Indo-Asian News Service,New Delhi, January 20, 2006
Trafficking in children and women to and from India is now a booming business and, believe it or not, a young woman can be ‘bought’ for as low as Rs.1,000 (about $20).
And in brazen violation of the law, even minor girls are being trafficked, to places as far as the Middle East and the Philippines for prostitution as well as pornography, with the Indian law enforcing agencies looking the other way.
These are among the shocking facts revealed in a path-breaking survey by the New Delhi-based Institute of Social Sciences on "Trafficking in Women and Children in India".
The victims in the trade are from poor families, some of which are forced to "sell" their women because of grinding poverty, or girls lured to cities often with promises of finding them a place in Bollywood.
"Trafficking is, without doubt, a very lucrative business," says the 748-page study, which was sponsored by the National Human Rights Commission and funded by USAID. "It requires a low investment but ensures a high profit."
Over a quarter of the 160 traffickers interviewed said they spent less than Rs. 5,000 to procure a girl, and the cheapest price they paid was just Rs. 1,000.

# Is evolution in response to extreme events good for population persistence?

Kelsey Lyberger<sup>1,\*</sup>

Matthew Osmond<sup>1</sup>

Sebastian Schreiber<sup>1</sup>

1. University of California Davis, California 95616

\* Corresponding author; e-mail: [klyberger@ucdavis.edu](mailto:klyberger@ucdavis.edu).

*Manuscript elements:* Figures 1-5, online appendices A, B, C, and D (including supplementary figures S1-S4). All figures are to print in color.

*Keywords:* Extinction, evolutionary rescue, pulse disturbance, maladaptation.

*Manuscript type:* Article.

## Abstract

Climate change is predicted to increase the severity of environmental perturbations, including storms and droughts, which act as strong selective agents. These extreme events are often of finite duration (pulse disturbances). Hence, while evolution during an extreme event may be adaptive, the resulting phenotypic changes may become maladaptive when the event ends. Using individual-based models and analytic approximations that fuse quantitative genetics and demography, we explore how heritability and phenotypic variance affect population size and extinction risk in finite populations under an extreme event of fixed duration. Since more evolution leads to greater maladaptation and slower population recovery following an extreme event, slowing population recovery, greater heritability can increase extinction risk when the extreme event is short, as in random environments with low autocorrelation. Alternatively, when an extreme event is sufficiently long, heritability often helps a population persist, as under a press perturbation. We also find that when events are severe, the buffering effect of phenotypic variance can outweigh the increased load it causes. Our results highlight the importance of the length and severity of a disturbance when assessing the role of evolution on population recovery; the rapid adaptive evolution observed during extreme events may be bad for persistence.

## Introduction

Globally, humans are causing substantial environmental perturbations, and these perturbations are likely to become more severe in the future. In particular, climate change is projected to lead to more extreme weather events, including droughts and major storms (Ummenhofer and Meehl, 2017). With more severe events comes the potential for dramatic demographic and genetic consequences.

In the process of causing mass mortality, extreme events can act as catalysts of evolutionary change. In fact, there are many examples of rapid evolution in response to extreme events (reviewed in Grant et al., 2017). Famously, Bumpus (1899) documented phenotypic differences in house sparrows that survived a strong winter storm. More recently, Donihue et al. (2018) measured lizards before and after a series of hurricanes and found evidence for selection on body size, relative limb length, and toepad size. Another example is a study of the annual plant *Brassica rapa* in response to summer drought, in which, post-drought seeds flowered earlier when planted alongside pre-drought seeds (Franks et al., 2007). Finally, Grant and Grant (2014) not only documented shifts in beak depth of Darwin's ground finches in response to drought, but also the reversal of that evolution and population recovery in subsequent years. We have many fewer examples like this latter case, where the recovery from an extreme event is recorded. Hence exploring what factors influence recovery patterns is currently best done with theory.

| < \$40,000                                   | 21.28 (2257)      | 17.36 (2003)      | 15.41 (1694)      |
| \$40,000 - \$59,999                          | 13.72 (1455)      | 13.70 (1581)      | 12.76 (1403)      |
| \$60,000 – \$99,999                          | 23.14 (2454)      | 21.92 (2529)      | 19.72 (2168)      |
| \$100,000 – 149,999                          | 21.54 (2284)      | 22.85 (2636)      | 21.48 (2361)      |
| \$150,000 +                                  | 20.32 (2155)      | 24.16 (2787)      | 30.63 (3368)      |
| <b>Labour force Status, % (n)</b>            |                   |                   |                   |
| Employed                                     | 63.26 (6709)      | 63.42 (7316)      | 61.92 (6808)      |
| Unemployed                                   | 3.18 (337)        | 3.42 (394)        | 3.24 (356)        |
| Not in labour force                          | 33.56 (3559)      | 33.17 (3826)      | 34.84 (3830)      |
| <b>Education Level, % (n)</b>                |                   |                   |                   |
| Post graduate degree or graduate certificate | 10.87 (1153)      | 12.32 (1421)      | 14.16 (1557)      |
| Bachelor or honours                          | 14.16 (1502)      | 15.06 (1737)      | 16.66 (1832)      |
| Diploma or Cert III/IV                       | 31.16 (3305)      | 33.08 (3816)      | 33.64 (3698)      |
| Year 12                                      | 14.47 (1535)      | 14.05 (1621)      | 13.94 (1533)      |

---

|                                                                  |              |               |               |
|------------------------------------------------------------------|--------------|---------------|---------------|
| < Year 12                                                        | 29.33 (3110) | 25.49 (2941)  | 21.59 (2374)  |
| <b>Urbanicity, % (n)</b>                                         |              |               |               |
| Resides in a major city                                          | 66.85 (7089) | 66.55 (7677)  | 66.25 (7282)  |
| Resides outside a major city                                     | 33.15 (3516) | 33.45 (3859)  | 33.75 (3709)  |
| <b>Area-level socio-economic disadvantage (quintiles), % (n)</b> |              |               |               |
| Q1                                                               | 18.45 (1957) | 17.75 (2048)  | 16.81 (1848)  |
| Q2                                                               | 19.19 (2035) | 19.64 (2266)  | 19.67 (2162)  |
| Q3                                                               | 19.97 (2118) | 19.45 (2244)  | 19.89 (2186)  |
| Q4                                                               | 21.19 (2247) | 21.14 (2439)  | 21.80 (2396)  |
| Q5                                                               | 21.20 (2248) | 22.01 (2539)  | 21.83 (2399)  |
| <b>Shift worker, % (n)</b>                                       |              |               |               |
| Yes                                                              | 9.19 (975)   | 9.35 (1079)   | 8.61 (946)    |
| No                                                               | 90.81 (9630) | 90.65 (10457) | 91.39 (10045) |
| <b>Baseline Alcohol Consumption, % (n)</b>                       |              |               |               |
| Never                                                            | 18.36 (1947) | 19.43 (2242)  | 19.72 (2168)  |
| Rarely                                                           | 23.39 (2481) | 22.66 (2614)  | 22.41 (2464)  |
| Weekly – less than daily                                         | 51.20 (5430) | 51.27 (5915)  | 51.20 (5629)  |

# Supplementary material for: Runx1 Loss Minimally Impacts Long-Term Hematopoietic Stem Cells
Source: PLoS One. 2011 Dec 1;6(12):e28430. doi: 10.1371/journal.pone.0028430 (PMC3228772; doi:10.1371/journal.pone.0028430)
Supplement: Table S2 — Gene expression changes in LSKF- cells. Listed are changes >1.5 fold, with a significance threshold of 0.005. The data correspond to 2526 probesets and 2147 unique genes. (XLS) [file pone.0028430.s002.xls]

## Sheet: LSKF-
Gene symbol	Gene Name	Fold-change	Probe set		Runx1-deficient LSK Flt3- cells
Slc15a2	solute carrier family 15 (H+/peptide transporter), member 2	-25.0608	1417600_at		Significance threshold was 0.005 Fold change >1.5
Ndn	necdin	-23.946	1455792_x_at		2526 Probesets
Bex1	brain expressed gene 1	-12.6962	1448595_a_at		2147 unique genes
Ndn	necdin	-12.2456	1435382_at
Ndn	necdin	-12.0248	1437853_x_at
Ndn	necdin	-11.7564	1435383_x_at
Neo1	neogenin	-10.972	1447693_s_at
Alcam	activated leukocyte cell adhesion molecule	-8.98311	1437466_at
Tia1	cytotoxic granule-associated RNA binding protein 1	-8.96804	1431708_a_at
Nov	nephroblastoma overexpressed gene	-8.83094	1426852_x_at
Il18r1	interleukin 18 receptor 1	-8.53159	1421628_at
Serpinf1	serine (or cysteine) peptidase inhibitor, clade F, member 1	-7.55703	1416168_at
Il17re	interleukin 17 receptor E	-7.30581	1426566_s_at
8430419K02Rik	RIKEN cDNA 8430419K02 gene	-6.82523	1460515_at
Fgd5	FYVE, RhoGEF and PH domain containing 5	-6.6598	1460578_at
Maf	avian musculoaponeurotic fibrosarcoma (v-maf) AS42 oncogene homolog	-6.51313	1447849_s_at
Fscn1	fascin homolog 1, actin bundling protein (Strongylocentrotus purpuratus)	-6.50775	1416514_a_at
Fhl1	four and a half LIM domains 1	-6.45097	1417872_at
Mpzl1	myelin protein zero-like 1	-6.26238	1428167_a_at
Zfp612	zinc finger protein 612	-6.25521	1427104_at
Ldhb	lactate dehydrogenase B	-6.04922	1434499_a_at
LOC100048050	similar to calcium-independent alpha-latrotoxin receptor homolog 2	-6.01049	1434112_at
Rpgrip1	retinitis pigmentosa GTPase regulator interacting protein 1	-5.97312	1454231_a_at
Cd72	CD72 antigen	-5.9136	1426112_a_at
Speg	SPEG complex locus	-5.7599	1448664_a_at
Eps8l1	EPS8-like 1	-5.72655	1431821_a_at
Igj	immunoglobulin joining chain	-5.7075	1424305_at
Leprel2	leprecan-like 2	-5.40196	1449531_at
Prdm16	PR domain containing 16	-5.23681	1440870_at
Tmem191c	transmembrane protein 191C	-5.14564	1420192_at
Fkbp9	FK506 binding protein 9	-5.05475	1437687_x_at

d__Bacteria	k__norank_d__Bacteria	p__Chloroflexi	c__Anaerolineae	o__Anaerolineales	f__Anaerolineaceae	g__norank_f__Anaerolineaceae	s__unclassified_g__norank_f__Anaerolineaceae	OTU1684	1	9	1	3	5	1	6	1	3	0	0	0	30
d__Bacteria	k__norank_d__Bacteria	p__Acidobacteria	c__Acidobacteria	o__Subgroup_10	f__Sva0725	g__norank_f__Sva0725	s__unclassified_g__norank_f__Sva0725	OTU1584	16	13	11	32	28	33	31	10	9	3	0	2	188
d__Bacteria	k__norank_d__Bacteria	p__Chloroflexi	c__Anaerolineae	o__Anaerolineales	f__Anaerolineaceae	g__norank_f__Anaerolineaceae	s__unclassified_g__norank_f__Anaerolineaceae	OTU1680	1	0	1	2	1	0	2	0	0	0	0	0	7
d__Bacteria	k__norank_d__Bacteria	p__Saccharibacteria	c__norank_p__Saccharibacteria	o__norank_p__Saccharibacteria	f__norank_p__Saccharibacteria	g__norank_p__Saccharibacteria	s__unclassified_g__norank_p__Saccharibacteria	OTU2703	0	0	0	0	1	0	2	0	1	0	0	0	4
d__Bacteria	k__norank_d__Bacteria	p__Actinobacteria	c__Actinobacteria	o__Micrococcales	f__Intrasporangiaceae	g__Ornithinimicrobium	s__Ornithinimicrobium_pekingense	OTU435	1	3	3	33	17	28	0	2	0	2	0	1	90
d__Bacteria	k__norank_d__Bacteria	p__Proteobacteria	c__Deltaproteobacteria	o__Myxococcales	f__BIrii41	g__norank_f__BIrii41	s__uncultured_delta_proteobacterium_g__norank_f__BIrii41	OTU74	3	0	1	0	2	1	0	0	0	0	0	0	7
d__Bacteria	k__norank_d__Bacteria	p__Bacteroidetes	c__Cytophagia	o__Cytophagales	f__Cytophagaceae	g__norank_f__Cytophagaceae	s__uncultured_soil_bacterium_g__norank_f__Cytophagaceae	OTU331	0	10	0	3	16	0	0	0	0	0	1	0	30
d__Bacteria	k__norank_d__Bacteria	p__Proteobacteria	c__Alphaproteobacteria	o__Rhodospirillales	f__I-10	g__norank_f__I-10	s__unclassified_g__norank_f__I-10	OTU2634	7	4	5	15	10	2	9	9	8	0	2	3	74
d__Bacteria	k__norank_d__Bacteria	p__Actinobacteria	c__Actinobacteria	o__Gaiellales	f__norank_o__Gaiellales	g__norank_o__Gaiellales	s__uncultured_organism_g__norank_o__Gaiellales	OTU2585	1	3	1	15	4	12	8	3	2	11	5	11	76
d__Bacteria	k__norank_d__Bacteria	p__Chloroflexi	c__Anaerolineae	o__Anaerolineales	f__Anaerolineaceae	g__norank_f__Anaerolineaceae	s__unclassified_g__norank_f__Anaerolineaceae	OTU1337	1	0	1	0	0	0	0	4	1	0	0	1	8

In some cases, however, women cost as high as Rs. 90,000.
Women were sourced from within India and from Nepal and Bangladesh. They were supplied within India to Rajasthan, Kerala, Tamil Nadu, Pondicherry, Goa, Andhra Pradesh, Bihar, Karnataka, Maharashtra, Uttar Pradesh, West Bengal, Orissa, Punjab and Jammu and Kashmir as well as Thailand, Kenya, South Africa, Bahrain, Dubai and Oman.
The traffickers admitted even sending women to the Gulf, Britain, South Korea and the Philippines for pornographic purposes.
"One of the traffickers disclosed that he had seen the pornographic material produced by exploiting the children he had trafficked."
The study came down heavily on the traffickers, calling them "merchants of human misery", and took a strong view of the police colluding with the criminals in many states.
The methods used to lure young girls to the sex industry included promises of jobs as domestic servants or in factories or the film industry, offers of money or pleasure trips, promises of marriage, or simple coercion.
"Attraction to the glamour world of films was exploited to dupe the victims," the study outlined. "Many young girls from Nepal are lured by promises of jobs in the film industry in Mumbai."
In contrast to the low amounts traffickers paid to procure young women, they themselves earned huge profits. Almost a third of them made more than Rs.100,000 annually. Another 20 percent put their income at Rs.50,000 to Rs.100,000.
"These figures (confirm) the widely acknowledged fact that trafficking is a highly profitable business generating a substantial surplus."